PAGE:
Figure 5 shows the FTIR spectra of pure chitosan and magnetic nanoparticles prepared with chitosan (MQ70 and MQ80). The spectrum of the products from runs MQ70-R and MQ80-R (not shown) displays a similar signal pattern to that from original runs. In accordance with that reported in the literature [30,31], the characteristic absorption bands for chitosan in Figure 5 appear at 3368 (O–H and N–H stretching vibrations), 2878 (C–H stretching vibrations), 1654 (N–H bending vibrations), 1423 (C–N stretching vibrations) and a group of bands from 1100 to 1020 cm−1 (C–O–C and C–O stretching vibrations). The spectra of the products obtained using chitosan show the characteristic absorption bands for this polymer, with a noticeable decrease of the group of bands due to C–O–C and C–O centered around 1050 cm−1. This is assigned as a C–O stretching band in the polymer [32,33] and particularly to the C–O stretch band of the secondary alcohol groups; the group of Ramalho Mercê [34] suggests that the intensity reduction of the band in similar systems may be due to coordination of the hydroxyl neighbor of the amine group in position 3. In our case, due to the samples containing a very low proportion of chitosan, our observation is in agreement with the reported results, possibly indicating that most of the chitosan is forming complexes and that small amounts of uncomplexed chitosan remain in the obtained nanoparticles. Considering that the products of the precipitation reactions in presence of chitosan were exhaustively washed and magnetically recovered, free chitosan (if there was some remaining), would remain dispersed in the discarded aqueous phase and only that attached to the magnetic nanoparticles would appear in the final product. Thus, it was concluded that all the chitosan in the final product is chemically bound to the surface of magnetic nanoparticles. However, the possibility that some magnetic nanoparticles remained uncoated cannot be dismissed.

Once the FTIR results demonstrated that the precipitation reactions carried out with chitosan rendered magnetic nanoparticles coated by this polymer, the following step was to quantify the fraction of chitosan, surfactant, if any, and magnetic material on the coated magnetic nanoparticles. In this task, carbon and sulfur contents determined by the combustion method were used. The purpose of these measurements was to estimate the chitosan and surfactant contents in the final products from the carbon and sulfur contents, respectively. For MQ70 and MQ70-R samples 2.63% and 3.01% in carbon content respectively, were obtained. On the other hand, MQ80 and MQ80-R showed values of 3.03% and 3.24%, respectively. Regarding sulfur content, values smaller than 0.02% were obtained in all cases. From the carbon content in the products and a calculated value of 45.23% for carbon content in a repetitive unit of chitosan with 75% deacetylation degree, chitosan contents of 5.8%, 6.7%, 6.7% and 7.2% for MQ70, MQ70-R, MQ80 and MQ80-R, respectively, were obtained. Because of the very low sulfur content in the products, the surfactant content in the coated magnetic nanoparticles was taken as negligible, thus concluding that the coated magnetic nanoparticles were composed only of chitosan and magnetic material. From the results above, the amount of immobilized chitosan on nanoparticles was calculated. For the analyzed products these values ranged from 61.6 to 77.6 mg chitosan/g magnetic material, which are higher than the theoretical value (≈53.0 mg/g) assuming 100% conversion to magnetite in the precipitation reaction and all chitosan in the recipe covering the nanoparticles. The higher than theoretical values of immobilized chitosan probably arise from a precipitation reaction conversion slightly lower than 100% and the formation of a mixture of magnetite and maghemite instead of only magnetite.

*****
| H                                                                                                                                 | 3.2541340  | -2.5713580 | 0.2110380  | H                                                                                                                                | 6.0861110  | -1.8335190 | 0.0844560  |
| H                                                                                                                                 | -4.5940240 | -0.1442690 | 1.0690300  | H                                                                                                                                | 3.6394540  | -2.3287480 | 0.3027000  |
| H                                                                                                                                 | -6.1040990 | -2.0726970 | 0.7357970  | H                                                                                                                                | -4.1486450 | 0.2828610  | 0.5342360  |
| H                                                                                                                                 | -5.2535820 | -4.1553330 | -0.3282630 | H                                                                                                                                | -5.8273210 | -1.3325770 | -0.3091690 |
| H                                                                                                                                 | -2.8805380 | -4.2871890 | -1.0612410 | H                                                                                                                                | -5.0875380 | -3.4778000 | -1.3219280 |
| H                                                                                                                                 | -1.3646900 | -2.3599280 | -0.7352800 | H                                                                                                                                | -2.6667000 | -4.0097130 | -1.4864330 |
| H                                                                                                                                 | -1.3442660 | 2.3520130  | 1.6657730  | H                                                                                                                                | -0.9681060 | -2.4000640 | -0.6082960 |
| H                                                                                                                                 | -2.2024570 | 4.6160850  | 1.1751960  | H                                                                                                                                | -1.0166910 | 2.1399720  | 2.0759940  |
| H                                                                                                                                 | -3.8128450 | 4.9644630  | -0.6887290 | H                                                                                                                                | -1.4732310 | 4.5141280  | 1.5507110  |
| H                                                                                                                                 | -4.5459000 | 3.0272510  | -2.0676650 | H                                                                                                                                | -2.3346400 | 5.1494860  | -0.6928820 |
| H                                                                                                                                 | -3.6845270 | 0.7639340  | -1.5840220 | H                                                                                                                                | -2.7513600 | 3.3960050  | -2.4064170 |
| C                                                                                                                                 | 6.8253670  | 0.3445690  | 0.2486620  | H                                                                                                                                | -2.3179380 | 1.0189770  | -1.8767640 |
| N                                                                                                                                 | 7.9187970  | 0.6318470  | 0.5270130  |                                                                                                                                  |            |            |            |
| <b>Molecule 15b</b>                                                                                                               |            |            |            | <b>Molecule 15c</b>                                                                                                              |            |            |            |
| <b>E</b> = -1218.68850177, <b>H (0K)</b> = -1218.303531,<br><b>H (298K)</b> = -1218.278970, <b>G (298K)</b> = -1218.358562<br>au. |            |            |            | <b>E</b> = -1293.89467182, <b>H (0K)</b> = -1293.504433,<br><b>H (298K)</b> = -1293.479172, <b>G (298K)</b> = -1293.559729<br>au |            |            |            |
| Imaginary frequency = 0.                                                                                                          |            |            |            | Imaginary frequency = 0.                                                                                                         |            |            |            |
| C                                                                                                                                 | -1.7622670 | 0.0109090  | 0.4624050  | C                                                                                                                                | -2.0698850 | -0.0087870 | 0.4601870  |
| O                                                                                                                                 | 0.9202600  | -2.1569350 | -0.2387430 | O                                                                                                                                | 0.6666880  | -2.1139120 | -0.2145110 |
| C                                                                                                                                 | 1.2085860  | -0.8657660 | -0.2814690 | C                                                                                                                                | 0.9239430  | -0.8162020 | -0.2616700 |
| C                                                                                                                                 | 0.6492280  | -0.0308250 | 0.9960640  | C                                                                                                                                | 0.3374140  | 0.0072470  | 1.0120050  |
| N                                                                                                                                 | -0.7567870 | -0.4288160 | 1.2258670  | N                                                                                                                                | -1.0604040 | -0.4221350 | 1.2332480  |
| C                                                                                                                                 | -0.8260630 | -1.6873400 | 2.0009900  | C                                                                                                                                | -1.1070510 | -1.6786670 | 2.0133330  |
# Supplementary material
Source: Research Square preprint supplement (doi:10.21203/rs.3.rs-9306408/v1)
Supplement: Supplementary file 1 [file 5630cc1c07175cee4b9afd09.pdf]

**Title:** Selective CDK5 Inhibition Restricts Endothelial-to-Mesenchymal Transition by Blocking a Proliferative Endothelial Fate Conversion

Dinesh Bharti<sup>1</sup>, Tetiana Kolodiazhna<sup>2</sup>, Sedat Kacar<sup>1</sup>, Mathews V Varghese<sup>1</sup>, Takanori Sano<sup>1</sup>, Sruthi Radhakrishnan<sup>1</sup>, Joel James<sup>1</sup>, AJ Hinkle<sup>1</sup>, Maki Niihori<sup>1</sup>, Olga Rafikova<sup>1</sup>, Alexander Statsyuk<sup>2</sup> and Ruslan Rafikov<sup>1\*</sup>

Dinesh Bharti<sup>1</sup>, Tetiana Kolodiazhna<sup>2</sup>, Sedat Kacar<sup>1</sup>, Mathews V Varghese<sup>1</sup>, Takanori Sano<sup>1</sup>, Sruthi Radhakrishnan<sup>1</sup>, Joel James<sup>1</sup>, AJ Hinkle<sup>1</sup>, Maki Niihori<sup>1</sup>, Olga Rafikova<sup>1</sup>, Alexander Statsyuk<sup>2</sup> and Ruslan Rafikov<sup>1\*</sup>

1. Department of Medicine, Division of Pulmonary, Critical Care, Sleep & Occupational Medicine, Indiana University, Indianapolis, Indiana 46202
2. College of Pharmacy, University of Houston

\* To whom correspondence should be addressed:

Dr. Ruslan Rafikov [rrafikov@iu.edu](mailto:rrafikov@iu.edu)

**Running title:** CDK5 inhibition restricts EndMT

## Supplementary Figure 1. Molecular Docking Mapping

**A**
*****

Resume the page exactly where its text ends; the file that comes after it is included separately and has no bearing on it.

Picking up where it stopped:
Up to this point, it has been proven that the precipitation reactions carried out in reverse microemulsions in the presence of chitosan render chitosan-coated magnetic nanoparticles. Nucleation and growth of magnetic particles in precipitation reactions carried out in reverse microemulsions occur through a well-known mechanism [35]. In accordance with the results given above, this mechanism is not perturbed by the presence of chitosan. It is believed that the crystals of magnetic nanoparticles are formed very quickly and that chitosan links them through the chemical bonds NH2–Fe, NH2–O and OH–Fe in a further step as a result of collisions between micelles containing nanoparticles and those containing chitosan. However, the chitosan diffusion from the latter to the former may not be discounted in the process that brings together both species.